Don’t tell my clients but yes, in most cases I will charge the quoted price (say 6 hours) when indeed it only took me 2. My justification is that they are also paying for 25 years experience, which inevitably results in far less to-ing and fro-ing and very few changes.

        I’m currently working on a “how long is a piece of string” quote (I’m sure you’re familiar with those!) where the client doesn’t know how many elements there may be, cut can I give a ‘ballpark’ figure.
        Eeek! and Grrrr. In these instances, I will adopt the faithful real estate auction price guide, which gives me a lot of leeway.

        1. I think fixed pricing – per project – is definitely the way to go.

          As you alluded to in your first comment, it’s not always about how long a task will take. I thin, when you quote an hourly rate, that’s what it becomes and it can be difficult to factor in your experience and the other business expenses you’re covering.

          For those ball park figure quotes, I just made sure it was clear that it was an estimate based on the scope that was known and that once the scope was locked down, the quote was being redone. You can’t be held to a figure based on no scope!

          Thanks for coming back to chat 🙂

  7. Hey Belinda – great read.

    I also use a couple of tools to track my time; one specifically for client projects, and the other which runs in the background and tracks EVERY movement I make on my computer, which then delivers a productivity report at the start of each week. They’re both essential to keeping me on track.

    And they’ve also been essential to helping me very accurately predict how long a given project will take. These days I’m generally right in the ballpark when it comes to hours worked vs hours quoted (although, like you, I also price by the project as it makes the admin much easier).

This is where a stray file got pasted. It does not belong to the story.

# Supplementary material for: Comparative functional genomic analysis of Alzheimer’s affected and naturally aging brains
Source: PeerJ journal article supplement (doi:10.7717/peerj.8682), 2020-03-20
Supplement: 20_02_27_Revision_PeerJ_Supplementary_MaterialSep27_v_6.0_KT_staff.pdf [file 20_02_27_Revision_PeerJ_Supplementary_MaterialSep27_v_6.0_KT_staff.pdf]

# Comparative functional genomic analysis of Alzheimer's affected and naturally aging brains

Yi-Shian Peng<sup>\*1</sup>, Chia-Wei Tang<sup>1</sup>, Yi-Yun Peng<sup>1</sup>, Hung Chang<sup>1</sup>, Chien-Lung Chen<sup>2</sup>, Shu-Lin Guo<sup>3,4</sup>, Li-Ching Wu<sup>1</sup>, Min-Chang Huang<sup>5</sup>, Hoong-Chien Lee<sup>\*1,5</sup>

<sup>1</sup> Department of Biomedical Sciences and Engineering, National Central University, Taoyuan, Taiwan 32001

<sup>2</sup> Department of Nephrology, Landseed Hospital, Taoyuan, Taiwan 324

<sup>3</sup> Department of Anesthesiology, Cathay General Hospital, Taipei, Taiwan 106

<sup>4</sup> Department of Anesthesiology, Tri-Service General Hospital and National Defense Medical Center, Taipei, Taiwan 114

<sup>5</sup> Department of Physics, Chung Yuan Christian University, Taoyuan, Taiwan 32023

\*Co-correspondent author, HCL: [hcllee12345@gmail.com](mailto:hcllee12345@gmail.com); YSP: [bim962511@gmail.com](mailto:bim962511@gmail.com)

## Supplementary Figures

Template creation is also a must! Without a range of proposal templates, it would take me several hours to put a proposal together, rather than about half an hour.

    My only task left is to find the right CRM to track where each project is at. Currently I’m using 3 different platforms, which isn’t ideal, but it does what I need it to do. Feeling a little like Goldilocks at the moment trying to find one that is juuuuuuuuust right 🙂

    1. Cheers Anna and thanks for commenting!

      Have you tried Capsule CRM? I looove it. It’s really easy to use and integrates with lots of other tools, like accounting and email marketing tools. I loved the fact that it would automatically assign client emails (from Gmail) to the client (in the CRM), I could create lists in Mailchimp based on fields in the CRM and it linked with XERO so I could always see their payment status. Love love love it. (no affiliate either! 😉

  8. I’m a very big fan of the fixed price quote. I love being the buyer in situations like that – I just love certainty!

    So much love for certainty when I’m buying something outside of my skill set. I have no idea how long it would take someone to build an alfresco area on my house, but I do know how much I’m willing to spend to have a relaxing space I can enjoy.

    And I love fixed price quotes too as a seller of awesomeness. I love the certainty it brings my clients and their budgets or cash flow planning. Especially if the project is large enough to warrant payment stages such as a deposit, progress, and completion payments.

    1. Agreed Agreed Agreed Fiona! Anxiousness (conscious or unconscious) adds so much stress to a purchasing decision and that definitely filters down to the service provider. Anyway you can increase certainty and confidence is a WIN.

      Thanks for stopping in 🙂